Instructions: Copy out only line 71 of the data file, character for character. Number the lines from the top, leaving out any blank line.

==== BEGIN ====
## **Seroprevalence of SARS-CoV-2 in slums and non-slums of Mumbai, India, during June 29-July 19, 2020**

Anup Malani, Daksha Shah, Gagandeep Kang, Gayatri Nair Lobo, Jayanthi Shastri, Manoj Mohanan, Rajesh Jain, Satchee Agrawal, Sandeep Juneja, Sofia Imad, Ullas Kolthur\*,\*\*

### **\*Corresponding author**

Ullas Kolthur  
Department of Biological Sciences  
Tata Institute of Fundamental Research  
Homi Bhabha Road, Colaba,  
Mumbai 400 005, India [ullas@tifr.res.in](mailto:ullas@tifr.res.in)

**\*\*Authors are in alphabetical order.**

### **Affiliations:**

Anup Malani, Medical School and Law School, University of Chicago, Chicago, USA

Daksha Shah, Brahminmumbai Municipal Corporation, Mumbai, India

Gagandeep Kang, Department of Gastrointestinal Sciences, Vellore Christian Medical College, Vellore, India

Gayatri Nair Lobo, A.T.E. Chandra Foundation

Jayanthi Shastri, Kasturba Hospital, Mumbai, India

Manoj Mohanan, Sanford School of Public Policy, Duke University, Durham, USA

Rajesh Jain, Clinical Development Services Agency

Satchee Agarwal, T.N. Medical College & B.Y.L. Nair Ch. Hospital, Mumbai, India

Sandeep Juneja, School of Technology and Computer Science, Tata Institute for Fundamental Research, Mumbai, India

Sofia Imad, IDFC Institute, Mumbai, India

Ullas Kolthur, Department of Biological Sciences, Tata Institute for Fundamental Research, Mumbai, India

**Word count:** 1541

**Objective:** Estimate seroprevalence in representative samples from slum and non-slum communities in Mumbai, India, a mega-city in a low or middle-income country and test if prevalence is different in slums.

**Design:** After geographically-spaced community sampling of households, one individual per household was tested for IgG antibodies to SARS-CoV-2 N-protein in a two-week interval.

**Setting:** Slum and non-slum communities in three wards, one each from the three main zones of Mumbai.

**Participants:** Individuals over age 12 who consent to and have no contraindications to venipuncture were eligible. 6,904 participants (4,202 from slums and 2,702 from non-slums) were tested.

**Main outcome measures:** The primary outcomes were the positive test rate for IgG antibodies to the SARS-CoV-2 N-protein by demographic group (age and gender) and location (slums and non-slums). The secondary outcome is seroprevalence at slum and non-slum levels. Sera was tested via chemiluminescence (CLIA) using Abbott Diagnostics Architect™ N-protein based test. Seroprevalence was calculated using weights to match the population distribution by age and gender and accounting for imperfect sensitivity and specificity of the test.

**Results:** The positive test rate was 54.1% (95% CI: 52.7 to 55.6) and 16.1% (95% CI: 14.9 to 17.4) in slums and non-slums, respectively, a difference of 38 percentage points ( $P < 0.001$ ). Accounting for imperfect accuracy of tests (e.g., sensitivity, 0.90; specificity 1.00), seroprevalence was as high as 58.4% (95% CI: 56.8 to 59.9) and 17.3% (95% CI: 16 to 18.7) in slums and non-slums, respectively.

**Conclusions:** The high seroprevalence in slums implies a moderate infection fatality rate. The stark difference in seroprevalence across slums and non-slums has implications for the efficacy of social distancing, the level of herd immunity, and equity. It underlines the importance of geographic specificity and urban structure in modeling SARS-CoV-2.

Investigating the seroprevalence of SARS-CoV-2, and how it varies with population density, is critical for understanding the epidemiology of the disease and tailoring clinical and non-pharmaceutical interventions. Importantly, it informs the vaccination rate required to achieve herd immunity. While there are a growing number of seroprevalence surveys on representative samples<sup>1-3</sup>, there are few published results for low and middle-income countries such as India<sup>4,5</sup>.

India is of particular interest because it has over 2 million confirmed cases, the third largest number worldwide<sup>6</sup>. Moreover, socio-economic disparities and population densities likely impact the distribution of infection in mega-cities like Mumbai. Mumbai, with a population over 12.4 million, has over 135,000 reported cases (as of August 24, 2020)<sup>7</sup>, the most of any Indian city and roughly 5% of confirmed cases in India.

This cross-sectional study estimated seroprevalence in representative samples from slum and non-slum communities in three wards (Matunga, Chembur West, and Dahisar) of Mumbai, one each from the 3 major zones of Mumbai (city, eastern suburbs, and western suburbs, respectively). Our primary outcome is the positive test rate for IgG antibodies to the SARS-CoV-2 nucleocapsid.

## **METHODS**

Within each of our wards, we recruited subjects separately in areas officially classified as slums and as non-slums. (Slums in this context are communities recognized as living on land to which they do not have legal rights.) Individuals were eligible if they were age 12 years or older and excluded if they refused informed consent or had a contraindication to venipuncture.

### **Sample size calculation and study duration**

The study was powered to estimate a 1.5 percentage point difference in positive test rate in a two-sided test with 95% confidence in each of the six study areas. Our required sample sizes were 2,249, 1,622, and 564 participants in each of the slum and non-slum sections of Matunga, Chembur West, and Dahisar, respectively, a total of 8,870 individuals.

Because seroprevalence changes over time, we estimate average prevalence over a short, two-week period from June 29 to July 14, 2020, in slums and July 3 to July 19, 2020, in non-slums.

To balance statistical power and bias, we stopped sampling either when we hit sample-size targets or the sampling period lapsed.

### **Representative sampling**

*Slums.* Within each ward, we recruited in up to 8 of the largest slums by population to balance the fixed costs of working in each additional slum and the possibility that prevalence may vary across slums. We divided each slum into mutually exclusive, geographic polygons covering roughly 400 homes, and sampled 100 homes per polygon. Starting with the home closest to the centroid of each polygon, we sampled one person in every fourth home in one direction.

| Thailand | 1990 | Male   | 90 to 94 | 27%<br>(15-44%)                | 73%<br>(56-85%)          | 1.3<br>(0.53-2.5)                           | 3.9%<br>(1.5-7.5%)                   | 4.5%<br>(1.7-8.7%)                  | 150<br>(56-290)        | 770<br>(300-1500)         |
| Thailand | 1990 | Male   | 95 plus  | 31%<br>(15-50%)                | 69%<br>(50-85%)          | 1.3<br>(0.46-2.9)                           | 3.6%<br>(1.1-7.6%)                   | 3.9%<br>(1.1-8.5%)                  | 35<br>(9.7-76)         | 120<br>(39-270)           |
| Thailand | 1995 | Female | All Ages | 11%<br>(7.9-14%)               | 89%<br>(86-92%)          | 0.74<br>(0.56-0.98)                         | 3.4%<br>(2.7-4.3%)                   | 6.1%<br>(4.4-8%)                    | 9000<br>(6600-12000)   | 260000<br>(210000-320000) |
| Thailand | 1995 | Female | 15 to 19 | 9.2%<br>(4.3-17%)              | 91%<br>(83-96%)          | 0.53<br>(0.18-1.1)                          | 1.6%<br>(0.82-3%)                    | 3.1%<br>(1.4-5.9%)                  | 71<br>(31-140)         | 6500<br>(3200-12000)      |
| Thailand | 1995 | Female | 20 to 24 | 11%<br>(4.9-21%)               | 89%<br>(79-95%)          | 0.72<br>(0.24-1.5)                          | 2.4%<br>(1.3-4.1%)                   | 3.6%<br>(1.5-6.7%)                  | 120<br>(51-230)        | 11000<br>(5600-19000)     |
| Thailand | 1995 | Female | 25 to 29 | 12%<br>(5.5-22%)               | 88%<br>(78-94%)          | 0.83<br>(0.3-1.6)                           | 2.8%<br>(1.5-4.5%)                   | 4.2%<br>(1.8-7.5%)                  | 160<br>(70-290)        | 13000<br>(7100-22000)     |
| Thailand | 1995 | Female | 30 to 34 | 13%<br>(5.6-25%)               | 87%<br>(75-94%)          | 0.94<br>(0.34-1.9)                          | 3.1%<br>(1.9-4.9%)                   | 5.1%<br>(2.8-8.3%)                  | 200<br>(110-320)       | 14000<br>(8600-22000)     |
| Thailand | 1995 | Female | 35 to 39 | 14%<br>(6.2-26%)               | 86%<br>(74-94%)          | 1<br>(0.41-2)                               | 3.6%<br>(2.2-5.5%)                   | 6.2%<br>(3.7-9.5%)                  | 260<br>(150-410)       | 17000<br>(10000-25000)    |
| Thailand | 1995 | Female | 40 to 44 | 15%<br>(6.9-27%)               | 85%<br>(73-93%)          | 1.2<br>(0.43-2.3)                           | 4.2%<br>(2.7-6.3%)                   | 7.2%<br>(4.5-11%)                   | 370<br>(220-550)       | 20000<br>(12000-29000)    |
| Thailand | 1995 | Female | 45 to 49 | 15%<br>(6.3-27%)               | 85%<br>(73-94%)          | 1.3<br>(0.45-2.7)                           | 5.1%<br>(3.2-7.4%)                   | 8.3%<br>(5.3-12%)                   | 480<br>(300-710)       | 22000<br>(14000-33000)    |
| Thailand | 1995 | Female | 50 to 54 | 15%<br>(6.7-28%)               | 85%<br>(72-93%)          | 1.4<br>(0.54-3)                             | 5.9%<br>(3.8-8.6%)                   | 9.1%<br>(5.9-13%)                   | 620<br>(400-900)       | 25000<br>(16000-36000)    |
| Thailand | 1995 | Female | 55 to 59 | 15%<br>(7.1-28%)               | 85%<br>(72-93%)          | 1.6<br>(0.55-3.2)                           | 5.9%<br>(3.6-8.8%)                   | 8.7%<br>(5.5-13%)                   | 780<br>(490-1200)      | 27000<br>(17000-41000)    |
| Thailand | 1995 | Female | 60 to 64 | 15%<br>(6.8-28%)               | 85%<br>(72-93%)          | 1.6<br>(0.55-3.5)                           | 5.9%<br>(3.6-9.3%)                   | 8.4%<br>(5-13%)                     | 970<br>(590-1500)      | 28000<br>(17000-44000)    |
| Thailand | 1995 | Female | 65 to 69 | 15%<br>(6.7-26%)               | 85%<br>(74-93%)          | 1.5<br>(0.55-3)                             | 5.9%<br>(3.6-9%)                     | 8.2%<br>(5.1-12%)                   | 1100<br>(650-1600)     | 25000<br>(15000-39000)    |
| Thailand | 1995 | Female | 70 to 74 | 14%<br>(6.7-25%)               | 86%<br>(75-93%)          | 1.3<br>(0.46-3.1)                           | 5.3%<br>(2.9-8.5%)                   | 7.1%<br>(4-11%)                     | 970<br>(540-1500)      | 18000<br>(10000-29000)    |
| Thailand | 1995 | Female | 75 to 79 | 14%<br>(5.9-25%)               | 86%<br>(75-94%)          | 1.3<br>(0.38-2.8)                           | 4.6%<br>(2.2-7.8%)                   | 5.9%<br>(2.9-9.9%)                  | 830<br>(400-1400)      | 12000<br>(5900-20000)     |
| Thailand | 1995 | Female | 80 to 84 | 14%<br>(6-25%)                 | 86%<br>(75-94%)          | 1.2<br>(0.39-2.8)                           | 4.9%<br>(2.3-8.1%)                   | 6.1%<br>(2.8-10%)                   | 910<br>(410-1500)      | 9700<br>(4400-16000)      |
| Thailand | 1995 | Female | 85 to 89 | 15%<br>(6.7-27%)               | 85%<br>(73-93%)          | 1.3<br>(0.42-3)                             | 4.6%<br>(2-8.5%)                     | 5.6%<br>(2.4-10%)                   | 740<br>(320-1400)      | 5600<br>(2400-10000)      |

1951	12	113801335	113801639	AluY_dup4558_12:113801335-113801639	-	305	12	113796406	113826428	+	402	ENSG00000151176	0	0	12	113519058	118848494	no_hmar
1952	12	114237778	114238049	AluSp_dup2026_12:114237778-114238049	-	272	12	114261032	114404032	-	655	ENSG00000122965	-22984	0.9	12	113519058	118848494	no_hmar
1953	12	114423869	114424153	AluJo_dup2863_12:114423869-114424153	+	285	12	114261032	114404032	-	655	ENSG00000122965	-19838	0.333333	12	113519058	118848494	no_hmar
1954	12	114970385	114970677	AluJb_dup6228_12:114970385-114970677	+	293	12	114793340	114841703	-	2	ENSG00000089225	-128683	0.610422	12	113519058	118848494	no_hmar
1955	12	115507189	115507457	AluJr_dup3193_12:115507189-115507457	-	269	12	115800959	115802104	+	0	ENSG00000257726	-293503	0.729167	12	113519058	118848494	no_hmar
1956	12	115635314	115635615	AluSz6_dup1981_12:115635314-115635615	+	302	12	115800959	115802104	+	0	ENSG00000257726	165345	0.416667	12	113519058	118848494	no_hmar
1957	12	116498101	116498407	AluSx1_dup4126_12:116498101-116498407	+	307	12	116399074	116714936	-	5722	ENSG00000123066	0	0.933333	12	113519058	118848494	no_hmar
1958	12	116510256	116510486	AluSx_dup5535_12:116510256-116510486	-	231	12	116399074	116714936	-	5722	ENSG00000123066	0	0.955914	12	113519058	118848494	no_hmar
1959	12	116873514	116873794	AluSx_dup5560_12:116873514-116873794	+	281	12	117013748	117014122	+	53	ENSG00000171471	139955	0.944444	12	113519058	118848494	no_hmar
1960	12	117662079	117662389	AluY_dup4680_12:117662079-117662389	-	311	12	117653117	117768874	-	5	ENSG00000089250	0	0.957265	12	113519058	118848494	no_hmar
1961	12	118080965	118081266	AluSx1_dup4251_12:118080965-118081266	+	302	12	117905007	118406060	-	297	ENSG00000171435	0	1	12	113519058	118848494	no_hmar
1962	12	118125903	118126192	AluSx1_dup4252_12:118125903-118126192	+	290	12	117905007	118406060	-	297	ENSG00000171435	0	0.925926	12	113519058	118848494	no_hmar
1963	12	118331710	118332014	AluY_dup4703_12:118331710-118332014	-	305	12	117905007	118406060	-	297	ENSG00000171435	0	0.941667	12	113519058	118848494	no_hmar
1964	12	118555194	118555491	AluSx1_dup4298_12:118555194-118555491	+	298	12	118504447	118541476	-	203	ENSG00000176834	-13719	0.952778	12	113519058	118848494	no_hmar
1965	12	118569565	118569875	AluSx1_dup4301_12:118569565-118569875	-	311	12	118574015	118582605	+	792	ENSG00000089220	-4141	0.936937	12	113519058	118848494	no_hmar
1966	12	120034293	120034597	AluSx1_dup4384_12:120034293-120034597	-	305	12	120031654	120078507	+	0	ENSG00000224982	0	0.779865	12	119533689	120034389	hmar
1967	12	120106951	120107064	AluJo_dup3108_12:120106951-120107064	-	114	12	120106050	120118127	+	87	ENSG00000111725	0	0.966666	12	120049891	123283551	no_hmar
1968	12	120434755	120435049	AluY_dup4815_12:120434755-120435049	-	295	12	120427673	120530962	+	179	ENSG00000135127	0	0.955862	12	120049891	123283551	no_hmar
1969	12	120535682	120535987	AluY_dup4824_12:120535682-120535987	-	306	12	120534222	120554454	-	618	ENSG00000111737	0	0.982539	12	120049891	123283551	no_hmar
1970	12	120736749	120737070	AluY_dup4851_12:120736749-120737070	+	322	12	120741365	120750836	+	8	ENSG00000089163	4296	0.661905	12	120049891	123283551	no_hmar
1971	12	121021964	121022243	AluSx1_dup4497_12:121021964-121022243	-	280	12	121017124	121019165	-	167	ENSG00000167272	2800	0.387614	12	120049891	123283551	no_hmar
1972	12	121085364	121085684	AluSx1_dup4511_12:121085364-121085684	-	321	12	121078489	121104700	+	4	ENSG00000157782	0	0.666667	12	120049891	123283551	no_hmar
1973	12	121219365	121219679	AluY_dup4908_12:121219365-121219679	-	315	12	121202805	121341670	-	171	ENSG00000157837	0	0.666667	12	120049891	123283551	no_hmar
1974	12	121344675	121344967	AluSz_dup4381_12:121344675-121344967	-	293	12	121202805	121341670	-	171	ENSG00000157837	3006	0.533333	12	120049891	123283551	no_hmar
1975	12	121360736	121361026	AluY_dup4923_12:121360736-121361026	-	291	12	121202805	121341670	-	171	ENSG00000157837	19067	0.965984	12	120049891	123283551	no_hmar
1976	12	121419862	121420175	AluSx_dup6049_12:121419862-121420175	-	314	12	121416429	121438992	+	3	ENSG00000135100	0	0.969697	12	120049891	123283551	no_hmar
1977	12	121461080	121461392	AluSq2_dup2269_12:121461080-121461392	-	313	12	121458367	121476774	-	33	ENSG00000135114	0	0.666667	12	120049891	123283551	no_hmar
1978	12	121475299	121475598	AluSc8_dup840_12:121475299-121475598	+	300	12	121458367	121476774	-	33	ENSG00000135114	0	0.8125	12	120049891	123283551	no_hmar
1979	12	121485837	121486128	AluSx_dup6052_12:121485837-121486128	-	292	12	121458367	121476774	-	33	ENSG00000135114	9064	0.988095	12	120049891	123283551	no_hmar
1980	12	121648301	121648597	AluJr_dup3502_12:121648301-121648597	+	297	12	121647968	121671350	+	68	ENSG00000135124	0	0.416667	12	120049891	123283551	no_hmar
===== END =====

1963	12	118331710	118332014	AluY_dup4703_12:118331710-118332014	-	305	12	117905007	118406060	-	297	ENSG00000171435	0	0.941667	12	113519058	118848494	no_hmar